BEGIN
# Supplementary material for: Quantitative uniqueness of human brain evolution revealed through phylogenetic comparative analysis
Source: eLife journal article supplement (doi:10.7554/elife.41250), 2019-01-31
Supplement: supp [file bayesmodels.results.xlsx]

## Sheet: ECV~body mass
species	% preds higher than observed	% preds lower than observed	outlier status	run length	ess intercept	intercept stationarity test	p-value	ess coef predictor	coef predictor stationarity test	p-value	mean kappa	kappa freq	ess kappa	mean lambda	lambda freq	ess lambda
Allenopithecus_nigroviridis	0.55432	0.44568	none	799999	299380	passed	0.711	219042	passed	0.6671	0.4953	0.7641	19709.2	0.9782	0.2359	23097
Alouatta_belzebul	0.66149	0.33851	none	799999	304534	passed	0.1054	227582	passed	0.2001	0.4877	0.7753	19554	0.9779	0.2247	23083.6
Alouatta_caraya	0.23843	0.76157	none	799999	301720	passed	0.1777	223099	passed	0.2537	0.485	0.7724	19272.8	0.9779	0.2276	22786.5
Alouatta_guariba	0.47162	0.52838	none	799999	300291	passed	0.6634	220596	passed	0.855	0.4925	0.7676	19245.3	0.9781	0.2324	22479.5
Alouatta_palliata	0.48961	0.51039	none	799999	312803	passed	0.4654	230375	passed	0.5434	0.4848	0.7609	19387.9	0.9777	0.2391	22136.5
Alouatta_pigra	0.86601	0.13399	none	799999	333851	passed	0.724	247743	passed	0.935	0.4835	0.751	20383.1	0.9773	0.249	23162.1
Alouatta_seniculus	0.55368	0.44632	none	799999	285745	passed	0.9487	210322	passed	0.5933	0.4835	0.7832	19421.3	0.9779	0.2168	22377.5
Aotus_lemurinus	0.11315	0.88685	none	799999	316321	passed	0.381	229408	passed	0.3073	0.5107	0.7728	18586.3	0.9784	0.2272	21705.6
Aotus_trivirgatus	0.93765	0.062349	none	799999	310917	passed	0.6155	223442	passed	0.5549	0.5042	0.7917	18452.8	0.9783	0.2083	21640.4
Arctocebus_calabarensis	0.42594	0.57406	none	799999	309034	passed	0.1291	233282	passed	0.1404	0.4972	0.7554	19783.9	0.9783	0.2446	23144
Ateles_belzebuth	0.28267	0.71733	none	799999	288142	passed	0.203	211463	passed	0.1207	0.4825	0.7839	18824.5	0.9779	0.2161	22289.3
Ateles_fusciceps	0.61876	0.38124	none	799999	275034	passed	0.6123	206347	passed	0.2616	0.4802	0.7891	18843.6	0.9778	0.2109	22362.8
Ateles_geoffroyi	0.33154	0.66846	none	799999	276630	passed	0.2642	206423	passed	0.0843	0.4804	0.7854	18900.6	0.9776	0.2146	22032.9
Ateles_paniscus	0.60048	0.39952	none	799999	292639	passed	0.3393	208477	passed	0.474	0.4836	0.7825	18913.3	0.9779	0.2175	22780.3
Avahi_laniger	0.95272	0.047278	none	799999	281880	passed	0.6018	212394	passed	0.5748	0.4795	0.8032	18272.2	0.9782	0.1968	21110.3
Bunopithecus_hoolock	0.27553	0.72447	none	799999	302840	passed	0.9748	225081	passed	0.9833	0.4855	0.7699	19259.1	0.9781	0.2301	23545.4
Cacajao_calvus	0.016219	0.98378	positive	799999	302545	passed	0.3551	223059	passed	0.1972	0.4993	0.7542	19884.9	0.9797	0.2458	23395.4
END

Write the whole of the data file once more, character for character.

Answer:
# Supplementary material for: Quantitative uniqueness of human brain evolution revealed through phylogenetic comparative analysis
Source: eLife journal article supplement (doi:10.7554/elife.41250), 2019-01-31
Supplement: supp [file bayesmodels.results.xlsx]

## Sheet: ECV~body mass
species	% preds higher than observed	% preds lower than observed	outlier status	run length	ess intercept	intercept stationarity test	p-value	ess coef predictor	coef predictor stationarity test	p-value	mean kappa	kappa freq	ess kappa	mean lambda	lambda freq	ess lambda
Allenopithecus_nigroviridis	0.55432	0.44568	none	799999	299380	passed	0.711	219042	passed	0.6671	0.4953	0.7641	19709.2	0.9782	0.2359	23097
Alouatta_belzebul	0.66149	0.33851	none	799999	304534	passed	0.1054	227582	passed	0.2001	0.4877	0.7753	19554	0.9779	0.2247	23083.6
Alouatta_caraya	0.23843	0.76157	none	799999	301720	passed	0.1777	223099	passed	0.2537	0.485	0.7724	19272.8	0.9779	0.2276	22786.5
Alouatta_guariba	0.47162	0.52838	none	799999	300291	passed	0.6634	220596	passed	0.855	0.4925	0.7676	19245.3	0.9781	0.2324	22479.5
Alouatta_palliata	0.48961	0.51039	none	799999	312803	passed	0.4654	230375	passed	0.5434	0.4848	0.7609	19387.9	0.9777	0.2391	22136.5
Alouatta_pigra	0.86601	0.13399	none	799999	333851	passed	0.724	247743	passed	0.935	0.4835	0.751	20383.1	0.9773	0.249	23162.1
Alouatta_seniculus	0.55368	0.44632	none	799999	285745	passed	0.9487	210322	passed	0.5933	0.4835	0.7832	19421.3	0.9779	0.2168	22377.5
Aotus_lemurinus	0.11315	0.88685	none	799999	316321	passed	0.381	229408	passed	0.3073	0.5107	0.7728	18586.3	0.9784	0.2272	21705.6
Aotus_trivirgatus	0.93765	0.062349	none	799999	310917	passed	0.6155	223442	passed	0.5549	0.5042	0.7917	18452.8	0.9783	0.2083	21640.4
Arctocebus_calabarensis	0.42594	0.57406	none	799999	309034	passed	0.1291	233282	passed	0.1404	0.4972	0.7554	19783.9	0.9783	0.2446	23144
Ateles_belzebuth	0.28267	0.71733	none	799999	288142	passed	0.203	211463	passed	0.1207	0.4825	0.7839	18824.5	0.9779	0.2161	22289.3
Ateles_fusciceps	0.61876	0.38124	none	799999	275034	passed	0.6123	206347	passed	0.2616	0.4802	0.7891	18843.6	0.9778	0.2109	22362.8
Ateles_geoffroyi	0.33154	0.66846	none	799999	276630	passed	0.2642	206423	passed	0.0843	0.4804	0.7854	18900.6	0.9776	0.2146	22032.9
Ateles_paniscus	0.60048	0.39952	none	799999	292639	passed	0.3393	208477	passed	0.474	0.4836	0.7825	18913.3	0.9779	0.2175	22780.3
Avahi_laniger	0.95272	0.047278	none	799999	281880	passed	0.6018	212394	passed	0.5748	0.4795	0.8032	18272.2	0.9782	0.1968	21110.3
Bunopithecus_hoolock	0.27553	0.72447	none	799999	302840	passed	0.9748	225081	passed	0.9833	0.4855	0.7699	19259.1	0.9781	0.2301	23545.4
Cacajao_calvus	0.016219	0.98378	positive	799999	302545	passed	0.3551	223059	passed	0.1972	0.4993	0.7542	19884.9	0.9797	0.2458	23395.4